Death toll from the earthquake reaches 33,000; Turkey starts legal action

A Turkish flag is seen on a pole in front of a collapsed building, as rescue continues in the aftermath of a deadly earthquake in Kahramanmaras, Turkey February 12, 2023. REUTERS/Guglielmo Mangiapane

On Sunday, nearly a week after one of the biggest earthquakes to strike Turkey and Syria, rescuers rescued more survivors from the rubble as Turkish officials struggled to preserve order across the disaster zone and initiated legal action over building collapses.

With the likelihood of finding additional survivors diminishing, the death toll from Monday's earthquake and severe aftershocks in both countries surpassed 33,000 and appeared to continue rising. It was Turkey's deadliest earthquake since 1939.

Sunday, business owners in a core neighbourhood of one of the hardest-hit cities in southern Turkey, Antakya, evacuated their stores to prevent looters from stealing products.

Residents and humanitarian workers from neighbouring cities reported deteriorating security, with widespread reports of robberies of shops and collapsed homes.

President Tayyip Erdogan has stated that the government will deal firmly with looters as he prepares for a national election expected to be the most difficult of his two decades in power. Erdogan is facing questions about his response to the earthquake as he prepares for what is expected to be the most difficult election of his two decades in power.

In Syria, the calamity struck hardest in the rebel-held northwest, forcing many people who had already been displaced multiple times by a decade-long civil war back onto the streets. The region has received less aid than areas under government control.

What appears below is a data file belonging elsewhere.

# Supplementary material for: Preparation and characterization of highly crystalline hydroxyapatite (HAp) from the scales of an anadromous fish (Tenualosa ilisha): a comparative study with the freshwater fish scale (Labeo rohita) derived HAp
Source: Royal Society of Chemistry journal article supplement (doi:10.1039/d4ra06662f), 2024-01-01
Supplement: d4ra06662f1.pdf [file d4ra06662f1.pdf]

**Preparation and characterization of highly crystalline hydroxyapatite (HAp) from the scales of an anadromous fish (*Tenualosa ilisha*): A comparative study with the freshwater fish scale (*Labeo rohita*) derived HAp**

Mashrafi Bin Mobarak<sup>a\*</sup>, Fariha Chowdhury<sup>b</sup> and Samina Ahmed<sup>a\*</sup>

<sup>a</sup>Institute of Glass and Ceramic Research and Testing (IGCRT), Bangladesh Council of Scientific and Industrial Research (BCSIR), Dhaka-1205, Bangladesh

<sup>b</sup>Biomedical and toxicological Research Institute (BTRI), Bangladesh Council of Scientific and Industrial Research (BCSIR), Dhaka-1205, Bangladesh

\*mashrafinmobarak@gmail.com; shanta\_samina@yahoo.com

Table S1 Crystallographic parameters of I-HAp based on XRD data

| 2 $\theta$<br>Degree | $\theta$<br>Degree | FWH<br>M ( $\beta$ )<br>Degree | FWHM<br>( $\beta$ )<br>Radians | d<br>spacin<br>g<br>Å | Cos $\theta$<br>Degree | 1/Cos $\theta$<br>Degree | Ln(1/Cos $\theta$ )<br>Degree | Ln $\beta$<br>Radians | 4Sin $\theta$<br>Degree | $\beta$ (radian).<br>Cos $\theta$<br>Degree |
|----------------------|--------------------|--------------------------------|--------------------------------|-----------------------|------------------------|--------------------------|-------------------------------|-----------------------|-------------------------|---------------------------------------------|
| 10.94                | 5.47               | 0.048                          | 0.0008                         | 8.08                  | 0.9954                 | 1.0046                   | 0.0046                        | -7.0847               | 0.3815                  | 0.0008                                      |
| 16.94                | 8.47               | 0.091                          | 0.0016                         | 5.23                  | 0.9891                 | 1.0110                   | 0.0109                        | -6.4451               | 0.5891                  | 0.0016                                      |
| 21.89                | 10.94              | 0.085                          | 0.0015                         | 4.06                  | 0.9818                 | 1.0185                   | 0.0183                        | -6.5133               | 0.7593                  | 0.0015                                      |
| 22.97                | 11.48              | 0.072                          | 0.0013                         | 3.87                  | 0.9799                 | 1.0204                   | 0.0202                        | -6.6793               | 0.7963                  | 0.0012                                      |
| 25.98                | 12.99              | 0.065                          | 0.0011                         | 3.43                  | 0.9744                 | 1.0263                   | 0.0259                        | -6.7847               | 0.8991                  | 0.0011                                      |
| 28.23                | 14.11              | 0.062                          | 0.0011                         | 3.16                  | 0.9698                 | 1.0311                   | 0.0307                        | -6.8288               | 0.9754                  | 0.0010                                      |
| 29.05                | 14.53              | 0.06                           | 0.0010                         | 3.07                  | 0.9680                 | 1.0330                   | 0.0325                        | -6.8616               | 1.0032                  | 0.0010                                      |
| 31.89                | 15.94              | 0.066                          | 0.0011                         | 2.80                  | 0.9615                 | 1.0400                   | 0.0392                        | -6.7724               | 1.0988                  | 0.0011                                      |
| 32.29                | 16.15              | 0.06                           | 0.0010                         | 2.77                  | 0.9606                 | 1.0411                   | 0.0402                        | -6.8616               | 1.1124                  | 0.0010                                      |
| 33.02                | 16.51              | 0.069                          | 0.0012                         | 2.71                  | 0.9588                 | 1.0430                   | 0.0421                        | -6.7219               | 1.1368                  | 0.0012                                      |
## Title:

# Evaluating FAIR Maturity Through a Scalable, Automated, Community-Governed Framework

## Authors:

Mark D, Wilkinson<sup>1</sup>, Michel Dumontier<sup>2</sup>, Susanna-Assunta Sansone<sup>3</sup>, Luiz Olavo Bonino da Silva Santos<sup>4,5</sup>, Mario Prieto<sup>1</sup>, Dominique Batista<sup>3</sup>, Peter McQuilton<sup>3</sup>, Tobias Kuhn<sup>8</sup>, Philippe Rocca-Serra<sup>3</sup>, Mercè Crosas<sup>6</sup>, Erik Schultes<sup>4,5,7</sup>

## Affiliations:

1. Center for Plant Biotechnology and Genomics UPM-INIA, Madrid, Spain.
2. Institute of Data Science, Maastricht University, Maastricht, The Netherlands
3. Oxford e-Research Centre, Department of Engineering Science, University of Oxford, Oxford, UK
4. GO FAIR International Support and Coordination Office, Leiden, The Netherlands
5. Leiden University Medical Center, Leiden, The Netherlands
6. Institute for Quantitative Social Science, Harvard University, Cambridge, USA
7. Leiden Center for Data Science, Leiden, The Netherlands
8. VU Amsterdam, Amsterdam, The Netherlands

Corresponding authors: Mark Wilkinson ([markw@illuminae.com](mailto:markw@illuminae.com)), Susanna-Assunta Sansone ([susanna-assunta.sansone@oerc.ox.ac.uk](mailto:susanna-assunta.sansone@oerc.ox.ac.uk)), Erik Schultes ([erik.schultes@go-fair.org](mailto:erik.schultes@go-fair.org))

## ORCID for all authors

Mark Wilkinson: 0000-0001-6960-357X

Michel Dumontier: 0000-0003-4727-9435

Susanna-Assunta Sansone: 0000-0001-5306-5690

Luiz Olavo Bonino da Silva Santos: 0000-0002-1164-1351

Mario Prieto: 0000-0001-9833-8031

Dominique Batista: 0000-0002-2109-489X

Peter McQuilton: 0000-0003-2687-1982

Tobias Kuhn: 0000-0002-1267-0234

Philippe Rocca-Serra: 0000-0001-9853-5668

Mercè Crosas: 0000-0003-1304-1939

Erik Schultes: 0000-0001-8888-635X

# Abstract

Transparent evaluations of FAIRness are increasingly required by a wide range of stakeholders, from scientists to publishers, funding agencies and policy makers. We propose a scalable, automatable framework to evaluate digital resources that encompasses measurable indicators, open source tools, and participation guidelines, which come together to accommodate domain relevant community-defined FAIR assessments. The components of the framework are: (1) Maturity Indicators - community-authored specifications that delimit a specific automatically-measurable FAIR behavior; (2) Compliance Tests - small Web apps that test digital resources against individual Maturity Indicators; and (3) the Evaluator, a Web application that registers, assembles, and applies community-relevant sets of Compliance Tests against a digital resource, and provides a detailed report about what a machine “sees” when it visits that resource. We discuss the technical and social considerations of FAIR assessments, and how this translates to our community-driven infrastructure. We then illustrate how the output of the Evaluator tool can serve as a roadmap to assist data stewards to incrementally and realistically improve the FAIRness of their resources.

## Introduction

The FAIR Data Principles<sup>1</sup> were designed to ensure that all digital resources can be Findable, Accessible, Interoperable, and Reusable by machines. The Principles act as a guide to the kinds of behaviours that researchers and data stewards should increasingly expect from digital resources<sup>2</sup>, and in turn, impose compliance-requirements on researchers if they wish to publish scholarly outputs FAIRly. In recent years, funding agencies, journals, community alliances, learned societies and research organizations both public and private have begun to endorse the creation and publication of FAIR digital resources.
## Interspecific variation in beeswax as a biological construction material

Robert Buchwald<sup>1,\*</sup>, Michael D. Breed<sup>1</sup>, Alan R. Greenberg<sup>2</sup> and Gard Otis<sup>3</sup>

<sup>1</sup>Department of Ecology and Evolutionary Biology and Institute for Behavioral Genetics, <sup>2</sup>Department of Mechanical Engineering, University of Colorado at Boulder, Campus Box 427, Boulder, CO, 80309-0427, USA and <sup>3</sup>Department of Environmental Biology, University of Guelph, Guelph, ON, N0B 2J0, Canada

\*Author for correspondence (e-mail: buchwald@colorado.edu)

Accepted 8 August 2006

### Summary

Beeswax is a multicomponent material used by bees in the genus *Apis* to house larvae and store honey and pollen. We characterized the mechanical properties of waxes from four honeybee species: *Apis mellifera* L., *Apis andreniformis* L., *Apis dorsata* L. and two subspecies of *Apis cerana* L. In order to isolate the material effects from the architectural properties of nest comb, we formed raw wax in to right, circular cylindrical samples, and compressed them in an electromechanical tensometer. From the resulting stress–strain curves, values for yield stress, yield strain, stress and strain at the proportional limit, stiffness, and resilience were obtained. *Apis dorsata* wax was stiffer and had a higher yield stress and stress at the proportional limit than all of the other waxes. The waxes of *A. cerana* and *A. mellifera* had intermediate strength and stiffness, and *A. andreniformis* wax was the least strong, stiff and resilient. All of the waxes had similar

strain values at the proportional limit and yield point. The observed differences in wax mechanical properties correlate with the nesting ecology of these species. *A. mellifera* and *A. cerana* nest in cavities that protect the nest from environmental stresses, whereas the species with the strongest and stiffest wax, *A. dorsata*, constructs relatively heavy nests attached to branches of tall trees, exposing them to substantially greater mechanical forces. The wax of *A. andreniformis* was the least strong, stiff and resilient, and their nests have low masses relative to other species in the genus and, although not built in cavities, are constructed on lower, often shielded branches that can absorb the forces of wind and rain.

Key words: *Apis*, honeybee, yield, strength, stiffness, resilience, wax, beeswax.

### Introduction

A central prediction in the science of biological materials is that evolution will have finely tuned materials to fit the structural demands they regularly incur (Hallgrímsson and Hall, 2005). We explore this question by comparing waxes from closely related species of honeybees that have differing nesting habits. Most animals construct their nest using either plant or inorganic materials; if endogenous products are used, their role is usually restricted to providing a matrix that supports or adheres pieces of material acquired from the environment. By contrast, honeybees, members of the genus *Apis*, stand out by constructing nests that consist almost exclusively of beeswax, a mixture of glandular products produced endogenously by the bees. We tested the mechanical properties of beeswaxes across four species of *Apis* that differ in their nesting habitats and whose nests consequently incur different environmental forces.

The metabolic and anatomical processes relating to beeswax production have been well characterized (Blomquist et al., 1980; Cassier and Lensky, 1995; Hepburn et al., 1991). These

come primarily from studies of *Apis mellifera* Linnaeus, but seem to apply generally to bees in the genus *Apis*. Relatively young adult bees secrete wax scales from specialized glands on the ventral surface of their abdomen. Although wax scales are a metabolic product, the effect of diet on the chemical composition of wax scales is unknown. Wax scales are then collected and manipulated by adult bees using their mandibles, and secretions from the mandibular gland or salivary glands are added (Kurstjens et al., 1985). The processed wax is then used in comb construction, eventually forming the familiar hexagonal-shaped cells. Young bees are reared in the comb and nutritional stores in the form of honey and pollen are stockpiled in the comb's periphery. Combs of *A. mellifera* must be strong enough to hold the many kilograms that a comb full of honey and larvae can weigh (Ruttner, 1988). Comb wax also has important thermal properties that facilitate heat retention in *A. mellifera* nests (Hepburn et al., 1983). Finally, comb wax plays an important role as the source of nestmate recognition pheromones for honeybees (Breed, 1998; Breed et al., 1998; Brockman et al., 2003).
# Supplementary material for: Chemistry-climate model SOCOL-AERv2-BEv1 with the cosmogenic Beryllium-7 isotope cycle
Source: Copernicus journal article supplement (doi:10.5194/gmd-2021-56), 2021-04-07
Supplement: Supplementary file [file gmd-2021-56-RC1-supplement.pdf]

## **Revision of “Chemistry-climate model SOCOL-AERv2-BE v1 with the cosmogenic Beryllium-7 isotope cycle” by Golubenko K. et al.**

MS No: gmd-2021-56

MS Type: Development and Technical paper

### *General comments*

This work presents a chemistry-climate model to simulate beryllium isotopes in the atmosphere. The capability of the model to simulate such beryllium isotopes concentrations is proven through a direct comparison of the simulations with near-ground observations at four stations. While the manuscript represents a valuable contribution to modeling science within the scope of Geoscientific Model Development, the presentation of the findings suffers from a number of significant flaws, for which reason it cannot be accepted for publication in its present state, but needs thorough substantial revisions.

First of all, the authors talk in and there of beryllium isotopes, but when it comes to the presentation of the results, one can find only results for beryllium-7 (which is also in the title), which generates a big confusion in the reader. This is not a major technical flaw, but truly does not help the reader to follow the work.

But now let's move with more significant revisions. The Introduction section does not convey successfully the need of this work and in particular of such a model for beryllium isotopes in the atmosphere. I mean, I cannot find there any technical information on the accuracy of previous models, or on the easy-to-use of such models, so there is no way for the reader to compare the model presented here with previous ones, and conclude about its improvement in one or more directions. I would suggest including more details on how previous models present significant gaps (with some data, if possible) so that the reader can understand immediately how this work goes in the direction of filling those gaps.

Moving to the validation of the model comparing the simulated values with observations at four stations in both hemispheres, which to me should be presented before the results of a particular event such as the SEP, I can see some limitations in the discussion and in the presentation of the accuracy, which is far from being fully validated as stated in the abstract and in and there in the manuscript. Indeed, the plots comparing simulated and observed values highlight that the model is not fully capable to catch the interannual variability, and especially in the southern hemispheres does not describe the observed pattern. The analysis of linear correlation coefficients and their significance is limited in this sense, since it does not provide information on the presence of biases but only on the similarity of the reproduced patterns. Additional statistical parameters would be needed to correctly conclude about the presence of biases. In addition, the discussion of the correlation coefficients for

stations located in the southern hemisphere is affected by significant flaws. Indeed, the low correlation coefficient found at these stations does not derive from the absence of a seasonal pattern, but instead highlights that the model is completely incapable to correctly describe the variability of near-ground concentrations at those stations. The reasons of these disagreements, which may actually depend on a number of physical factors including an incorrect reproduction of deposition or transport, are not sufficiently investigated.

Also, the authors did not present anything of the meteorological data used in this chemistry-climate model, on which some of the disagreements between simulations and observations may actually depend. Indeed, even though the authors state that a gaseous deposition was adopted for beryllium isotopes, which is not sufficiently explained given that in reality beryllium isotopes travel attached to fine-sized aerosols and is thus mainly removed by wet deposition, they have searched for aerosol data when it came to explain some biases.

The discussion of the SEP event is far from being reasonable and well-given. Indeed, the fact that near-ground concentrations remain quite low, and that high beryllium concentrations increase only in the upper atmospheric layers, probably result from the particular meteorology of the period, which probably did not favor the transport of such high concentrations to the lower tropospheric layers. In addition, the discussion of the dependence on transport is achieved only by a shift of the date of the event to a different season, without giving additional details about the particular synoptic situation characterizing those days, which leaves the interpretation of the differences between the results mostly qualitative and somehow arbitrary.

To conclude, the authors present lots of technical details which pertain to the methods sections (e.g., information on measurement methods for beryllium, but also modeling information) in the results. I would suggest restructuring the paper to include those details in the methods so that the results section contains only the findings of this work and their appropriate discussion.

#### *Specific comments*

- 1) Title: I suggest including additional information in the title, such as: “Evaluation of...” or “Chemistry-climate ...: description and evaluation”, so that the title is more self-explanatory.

United Nations relief head Martin Griffiths tweeted from the Turkey-Syria border, where just one passage is accessible for U.N. aid shipments, "We have so far failed the people in northwest Syria,"

"They rightly feel abandoned," Griffiths said, adding that he was committed to resolving the issue expeditiously.

Washington demanded that the Syrian government and all other parties in the nation immediately give humanitarian access to everyone in need.

More than six days after the earthquake, rescuers discovered a few survivors clinging to life in the rubble of homes that had become tombs for tens of thousands.

Malik Milandi, a 54-year-old Syrian, was rescued after surviving 156 hours amid Antakya's rubble by a team of Chinese rescuers and Turkish firemen.

The few remaining buildings had to crumble or crack facades on the major road leading into the city. Rescuers occasionally called for stillness to search for indications of life beneath the rubble.

On Sunday, a father and daughter, a toddler, and a 10-year-old girl were among the survivors rescued from the rubble of collapsed buildings. Still, such occurrences became increasingly rare as the death toll rose inexorably.

At a funeral near Reyhanli, veiled women wept and pounded their chests as coffined, blanket-wrapped, and open-coffined bodies were unloaded from vans.

Some residents attempted to salvage anything they could from the devastation.

In Elbistan, the epicentre of an aftershock almost as violent as Monday's first 7.8 magnitude earthquake, Mustafa Bahcivan, a 32-year-old mobile store owner, said he had been in town nearly every day since then. On Sunday, he combed through the rubble in search of any of his still intact and marketable phones.